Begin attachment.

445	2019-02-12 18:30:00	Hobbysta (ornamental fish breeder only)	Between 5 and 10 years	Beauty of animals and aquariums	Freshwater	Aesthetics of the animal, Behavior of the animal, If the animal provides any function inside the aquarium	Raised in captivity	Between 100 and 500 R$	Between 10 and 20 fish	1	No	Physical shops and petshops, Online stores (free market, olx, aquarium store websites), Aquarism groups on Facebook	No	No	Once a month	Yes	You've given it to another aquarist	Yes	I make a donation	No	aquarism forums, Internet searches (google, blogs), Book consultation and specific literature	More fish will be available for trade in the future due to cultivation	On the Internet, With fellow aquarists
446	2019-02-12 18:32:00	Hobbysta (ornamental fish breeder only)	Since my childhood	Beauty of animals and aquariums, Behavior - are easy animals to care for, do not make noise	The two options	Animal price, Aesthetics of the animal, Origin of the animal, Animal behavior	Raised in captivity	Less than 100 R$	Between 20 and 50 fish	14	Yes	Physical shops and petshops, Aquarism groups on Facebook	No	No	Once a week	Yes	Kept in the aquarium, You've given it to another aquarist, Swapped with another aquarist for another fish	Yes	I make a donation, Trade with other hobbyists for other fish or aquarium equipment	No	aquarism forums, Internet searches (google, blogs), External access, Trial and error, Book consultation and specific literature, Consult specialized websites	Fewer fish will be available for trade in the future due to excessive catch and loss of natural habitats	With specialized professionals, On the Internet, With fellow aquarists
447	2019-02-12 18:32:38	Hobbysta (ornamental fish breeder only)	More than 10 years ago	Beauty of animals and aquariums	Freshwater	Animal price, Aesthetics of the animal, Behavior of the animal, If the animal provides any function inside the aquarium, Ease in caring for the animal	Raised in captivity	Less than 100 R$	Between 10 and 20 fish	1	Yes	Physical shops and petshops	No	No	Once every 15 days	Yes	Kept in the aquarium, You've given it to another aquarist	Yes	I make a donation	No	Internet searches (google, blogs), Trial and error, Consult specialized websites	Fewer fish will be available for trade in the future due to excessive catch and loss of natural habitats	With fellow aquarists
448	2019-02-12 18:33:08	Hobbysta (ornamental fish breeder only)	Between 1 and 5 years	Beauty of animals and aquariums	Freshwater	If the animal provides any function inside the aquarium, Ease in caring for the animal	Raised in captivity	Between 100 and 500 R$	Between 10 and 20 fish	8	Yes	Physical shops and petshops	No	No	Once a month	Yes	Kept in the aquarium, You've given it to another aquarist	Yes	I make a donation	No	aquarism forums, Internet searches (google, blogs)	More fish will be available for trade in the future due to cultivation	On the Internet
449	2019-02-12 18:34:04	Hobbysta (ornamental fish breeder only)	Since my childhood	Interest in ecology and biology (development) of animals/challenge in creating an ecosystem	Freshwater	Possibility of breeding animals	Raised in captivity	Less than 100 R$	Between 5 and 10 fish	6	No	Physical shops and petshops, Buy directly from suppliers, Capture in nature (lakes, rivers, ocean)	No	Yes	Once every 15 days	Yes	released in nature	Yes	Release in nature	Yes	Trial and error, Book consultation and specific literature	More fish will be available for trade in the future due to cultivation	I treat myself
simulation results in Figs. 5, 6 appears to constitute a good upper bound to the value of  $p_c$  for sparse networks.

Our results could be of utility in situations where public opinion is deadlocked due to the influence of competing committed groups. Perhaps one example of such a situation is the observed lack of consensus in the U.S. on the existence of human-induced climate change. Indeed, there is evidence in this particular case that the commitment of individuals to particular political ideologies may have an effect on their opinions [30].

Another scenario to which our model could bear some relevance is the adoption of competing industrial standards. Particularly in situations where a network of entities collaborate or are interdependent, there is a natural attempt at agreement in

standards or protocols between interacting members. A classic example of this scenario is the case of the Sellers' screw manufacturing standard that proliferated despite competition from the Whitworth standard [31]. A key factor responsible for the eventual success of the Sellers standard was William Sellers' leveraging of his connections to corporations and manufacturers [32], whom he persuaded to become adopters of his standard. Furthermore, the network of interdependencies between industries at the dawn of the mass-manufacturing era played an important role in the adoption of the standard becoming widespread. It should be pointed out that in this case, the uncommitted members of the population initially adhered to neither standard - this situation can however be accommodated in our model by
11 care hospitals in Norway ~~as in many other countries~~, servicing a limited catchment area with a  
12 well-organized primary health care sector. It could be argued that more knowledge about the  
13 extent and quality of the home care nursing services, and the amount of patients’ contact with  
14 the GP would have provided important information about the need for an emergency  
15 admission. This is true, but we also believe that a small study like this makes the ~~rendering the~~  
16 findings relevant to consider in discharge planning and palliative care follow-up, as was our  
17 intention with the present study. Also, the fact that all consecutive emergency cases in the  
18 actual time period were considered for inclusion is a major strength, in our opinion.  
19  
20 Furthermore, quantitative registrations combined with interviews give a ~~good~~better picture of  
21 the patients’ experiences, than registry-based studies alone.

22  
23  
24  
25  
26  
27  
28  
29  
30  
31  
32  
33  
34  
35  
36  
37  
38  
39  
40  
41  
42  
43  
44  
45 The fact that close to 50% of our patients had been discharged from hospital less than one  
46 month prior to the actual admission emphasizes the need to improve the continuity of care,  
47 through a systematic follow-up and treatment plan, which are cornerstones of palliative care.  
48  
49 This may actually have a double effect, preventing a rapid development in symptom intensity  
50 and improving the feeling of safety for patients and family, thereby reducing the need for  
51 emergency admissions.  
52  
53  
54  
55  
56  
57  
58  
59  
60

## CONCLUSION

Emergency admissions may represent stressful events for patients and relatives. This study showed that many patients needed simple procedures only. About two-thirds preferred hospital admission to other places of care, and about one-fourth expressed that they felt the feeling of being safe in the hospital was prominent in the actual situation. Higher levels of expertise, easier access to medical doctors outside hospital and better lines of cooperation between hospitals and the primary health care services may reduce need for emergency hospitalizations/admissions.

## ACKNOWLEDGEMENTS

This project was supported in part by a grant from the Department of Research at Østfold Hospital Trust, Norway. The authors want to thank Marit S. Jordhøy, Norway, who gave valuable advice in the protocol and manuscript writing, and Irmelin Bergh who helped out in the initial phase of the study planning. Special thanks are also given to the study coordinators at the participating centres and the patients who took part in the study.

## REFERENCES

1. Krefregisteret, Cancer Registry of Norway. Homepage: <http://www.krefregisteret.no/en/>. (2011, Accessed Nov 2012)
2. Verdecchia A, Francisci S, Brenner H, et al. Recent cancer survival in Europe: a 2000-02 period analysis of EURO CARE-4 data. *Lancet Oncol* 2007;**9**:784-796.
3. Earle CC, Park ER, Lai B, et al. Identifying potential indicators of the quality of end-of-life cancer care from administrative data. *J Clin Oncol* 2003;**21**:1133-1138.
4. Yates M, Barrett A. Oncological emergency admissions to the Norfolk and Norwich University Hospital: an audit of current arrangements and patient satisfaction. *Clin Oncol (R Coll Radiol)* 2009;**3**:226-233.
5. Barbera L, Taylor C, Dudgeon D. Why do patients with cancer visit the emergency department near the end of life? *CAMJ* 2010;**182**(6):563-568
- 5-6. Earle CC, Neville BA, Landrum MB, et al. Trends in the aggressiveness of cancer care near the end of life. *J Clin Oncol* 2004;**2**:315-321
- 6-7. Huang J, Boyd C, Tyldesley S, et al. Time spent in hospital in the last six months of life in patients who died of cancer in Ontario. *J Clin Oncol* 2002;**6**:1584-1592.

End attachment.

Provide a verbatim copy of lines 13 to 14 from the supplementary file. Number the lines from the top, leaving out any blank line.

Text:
14 the GP would have provided important information about the need for an emergency  
15 admission. This is true, but we also believe that a small study like this makes the ~~rendering the~~  